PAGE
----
This post is part 3 of our series on Lincoln, racism, and slavery. Here we conclude our study of the Emancipation Proclamation.
The EP is short and legalistic and has been criticized for lacking moral rhetorical flourishes, but this is deliberate. It is a canny legal document designed to outmaneuver Taney and the courts. In its short lines, the EP gives its legal rationale for freeing certain enslaved people, a schedule for doing so, a definition of who is freed, and their new legal condition. In its short lines, Lincoln overrode centuries of power located in state slave codes, property ownership laws, and civil court rulings and procedures. Lincoln offers no monetary compensation. And, at last, he drops all mention of shipping freed black Americans to Africa. [Ibid. 120] There would be no more colonization, compensation, or caviling. Slavery would no longer be a part of the southern United States. If the Confederate states returned to the Union, it would be without slaves.
So we see the reason Lincoln did not extend the terms of the EP to the Border states, or the western territories. (This is what he is lacerated for, for only freeing slaves in Confederate states at war.) First, the Border states were not at war with the U.S. but a part of it; Lincoln could not use his war powers on them when they were not in a state of war with the U.S. The same applies to the west, which was not at war with the U.S.
And Lincoln did not apply the EP to the North, to the Union, to the United States as it stood in 1862, because slavery had already been outlawed in all the states then remaining in the Union. We’ll come back to this later, though; Lincoln would.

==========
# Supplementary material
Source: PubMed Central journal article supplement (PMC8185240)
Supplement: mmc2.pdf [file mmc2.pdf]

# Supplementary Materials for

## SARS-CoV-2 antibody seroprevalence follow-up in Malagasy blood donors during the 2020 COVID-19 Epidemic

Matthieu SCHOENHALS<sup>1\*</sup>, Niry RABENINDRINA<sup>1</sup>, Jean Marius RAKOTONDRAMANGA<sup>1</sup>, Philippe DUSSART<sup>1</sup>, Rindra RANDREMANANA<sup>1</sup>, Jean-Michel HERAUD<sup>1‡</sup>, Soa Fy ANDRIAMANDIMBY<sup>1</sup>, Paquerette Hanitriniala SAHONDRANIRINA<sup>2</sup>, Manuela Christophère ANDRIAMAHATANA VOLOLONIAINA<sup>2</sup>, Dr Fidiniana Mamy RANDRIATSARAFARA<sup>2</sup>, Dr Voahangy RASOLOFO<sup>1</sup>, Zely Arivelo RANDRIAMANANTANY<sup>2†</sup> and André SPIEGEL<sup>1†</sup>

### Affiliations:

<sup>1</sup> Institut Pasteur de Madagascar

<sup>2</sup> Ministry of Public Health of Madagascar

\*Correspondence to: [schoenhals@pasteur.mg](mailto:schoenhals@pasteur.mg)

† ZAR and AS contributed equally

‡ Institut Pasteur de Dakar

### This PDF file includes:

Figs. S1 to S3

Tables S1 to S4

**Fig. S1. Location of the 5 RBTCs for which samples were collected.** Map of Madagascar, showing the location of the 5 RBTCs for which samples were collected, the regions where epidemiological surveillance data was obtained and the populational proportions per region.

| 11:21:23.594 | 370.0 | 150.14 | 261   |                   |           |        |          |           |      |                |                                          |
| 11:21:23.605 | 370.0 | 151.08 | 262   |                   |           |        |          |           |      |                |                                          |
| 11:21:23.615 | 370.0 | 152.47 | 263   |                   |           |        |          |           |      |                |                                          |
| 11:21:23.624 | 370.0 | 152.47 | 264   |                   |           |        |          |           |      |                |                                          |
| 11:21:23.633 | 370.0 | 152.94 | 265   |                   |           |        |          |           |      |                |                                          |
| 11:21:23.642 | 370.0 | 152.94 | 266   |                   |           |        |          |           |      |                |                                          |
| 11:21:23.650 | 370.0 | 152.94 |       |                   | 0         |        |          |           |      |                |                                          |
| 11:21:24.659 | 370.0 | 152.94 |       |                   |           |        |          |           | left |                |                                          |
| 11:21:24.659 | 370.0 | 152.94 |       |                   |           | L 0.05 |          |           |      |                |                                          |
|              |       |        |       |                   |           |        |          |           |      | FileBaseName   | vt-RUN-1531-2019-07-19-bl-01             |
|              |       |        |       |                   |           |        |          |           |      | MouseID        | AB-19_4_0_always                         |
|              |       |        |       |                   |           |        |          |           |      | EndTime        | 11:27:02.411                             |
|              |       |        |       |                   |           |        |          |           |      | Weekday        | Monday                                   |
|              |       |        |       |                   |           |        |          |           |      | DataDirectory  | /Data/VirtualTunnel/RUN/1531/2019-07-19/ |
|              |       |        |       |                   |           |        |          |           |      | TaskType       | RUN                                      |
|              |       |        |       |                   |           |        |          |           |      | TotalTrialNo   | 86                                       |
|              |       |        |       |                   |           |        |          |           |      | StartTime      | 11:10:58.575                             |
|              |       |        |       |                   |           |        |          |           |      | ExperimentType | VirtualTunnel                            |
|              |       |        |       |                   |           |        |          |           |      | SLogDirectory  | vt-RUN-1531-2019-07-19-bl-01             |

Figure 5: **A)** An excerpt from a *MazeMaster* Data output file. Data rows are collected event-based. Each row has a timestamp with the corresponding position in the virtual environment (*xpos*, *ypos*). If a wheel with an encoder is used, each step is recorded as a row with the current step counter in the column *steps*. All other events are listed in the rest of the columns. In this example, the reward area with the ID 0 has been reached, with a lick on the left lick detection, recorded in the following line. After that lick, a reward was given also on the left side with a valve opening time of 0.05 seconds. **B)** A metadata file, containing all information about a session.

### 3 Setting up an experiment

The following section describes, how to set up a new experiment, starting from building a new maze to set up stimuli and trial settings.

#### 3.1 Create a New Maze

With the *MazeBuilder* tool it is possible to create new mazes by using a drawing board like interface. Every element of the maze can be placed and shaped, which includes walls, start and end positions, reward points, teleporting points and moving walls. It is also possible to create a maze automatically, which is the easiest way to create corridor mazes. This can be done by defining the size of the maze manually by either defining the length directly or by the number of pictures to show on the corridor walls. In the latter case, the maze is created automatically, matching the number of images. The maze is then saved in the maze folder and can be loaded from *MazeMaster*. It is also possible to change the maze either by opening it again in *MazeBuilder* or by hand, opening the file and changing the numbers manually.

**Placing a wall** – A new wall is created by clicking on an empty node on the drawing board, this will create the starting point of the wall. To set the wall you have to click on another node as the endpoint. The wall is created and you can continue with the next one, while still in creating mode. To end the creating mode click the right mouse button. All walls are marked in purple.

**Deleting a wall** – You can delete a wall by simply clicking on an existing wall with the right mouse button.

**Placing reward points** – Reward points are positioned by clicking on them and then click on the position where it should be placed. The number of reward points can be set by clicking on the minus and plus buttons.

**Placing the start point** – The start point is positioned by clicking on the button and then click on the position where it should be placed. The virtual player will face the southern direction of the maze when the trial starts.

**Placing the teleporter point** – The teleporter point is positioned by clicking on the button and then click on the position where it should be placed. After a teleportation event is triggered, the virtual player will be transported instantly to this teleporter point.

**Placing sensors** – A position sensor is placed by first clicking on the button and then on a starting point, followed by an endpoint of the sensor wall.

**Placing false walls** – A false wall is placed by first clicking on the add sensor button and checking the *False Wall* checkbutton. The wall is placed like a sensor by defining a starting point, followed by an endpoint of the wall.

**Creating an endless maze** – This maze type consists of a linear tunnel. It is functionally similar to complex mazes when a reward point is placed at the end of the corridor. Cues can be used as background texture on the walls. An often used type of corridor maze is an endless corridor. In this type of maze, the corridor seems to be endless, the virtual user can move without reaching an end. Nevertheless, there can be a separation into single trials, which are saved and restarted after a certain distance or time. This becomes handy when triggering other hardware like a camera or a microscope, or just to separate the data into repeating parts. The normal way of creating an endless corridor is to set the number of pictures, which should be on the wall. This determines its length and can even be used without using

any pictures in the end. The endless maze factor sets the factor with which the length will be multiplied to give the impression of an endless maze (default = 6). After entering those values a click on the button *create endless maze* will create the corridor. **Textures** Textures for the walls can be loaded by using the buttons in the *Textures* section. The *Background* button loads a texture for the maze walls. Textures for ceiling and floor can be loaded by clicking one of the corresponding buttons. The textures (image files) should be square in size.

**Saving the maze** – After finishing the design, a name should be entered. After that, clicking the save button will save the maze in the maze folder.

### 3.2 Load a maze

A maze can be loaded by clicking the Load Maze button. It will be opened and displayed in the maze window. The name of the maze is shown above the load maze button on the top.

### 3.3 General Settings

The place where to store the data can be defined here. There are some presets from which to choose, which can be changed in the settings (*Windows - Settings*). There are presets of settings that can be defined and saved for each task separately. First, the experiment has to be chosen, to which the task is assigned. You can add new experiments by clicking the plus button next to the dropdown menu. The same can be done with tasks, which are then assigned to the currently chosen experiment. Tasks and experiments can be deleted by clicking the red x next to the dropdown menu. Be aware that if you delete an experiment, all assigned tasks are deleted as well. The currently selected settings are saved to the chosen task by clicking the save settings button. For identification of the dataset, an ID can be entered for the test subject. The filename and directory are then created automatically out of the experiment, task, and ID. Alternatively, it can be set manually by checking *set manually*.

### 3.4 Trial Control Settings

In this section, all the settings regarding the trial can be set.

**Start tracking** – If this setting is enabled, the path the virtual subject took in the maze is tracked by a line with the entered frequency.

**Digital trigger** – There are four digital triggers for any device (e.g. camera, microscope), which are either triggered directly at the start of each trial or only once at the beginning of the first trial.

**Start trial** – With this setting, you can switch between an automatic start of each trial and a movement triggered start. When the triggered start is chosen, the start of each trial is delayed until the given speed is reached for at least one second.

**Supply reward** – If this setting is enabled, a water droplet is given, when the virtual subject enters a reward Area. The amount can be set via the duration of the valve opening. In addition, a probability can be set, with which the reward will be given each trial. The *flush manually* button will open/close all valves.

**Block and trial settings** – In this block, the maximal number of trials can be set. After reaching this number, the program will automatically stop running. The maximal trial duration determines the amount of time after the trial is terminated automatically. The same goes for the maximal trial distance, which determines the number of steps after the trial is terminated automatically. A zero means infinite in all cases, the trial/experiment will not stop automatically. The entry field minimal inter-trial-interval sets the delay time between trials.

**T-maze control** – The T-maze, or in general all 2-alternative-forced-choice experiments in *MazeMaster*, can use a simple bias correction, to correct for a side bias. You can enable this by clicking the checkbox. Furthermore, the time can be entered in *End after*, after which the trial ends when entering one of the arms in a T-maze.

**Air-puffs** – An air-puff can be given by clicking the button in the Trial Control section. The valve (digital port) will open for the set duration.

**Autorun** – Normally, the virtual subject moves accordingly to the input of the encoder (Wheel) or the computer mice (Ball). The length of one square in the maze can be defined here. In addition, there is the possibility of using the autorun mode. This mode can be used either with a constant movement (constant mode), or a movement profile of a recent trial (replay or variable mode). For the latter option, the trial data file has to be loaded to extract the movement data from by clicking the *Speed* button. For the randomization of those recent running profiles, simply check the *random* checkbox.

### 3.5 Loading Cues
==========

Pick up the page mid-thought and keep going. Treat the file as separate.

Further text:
In the months before Lincoln published his proclamation, Horace Greeley, of the New York Tribune, wrote an editorial letter on August 20, 1862 blasting the president for not abolishing slavery already. No one outside Lincoln’s cabinet knew he had the EP written and waiting. Lincoln’s response is famous, or infamous, to us now. It is the letter in which he said that if he could save the Union by freeing all the slaves, he would, and it he could save it by freeing none, he would, and if he could do it by freeing some and leaving others, he would do that.
We take that as the basest kind of position. This is the quote most people use to show how racist and pro-slavery Lincoln was. They are wrong. Let’s look at the whole letter.
Lincoln starts by saying that his main aim in the war is to preserve the Union. He sees a few options when it comes to saving the Union. He might be able to do it by freeing all the slaves. If that was the best option, he would take it. He might, though, be able to save the Union without freeing any slaves. If so, he would take that option. Or, he might be able to save the Union by freeing some slaves.
You, by now, should see that he is hinting very broadly at his Proclamation, which did just that: it freed some enslaved people and left others (in the border states) enslaved. (For the reasons we have already described—under war powers, he could only free slaves in territory at war with the U.S. without Taney and the courts striking the measure down.)
We still shudder at Lincoln calmly talking about not freeing anyone. But people at the time saw what was really shocking: Lincoln was saying that ending slavery was on the table. For the first time in the history of the United States, a president was saying he would outlaw slavery. This had never been on the table before.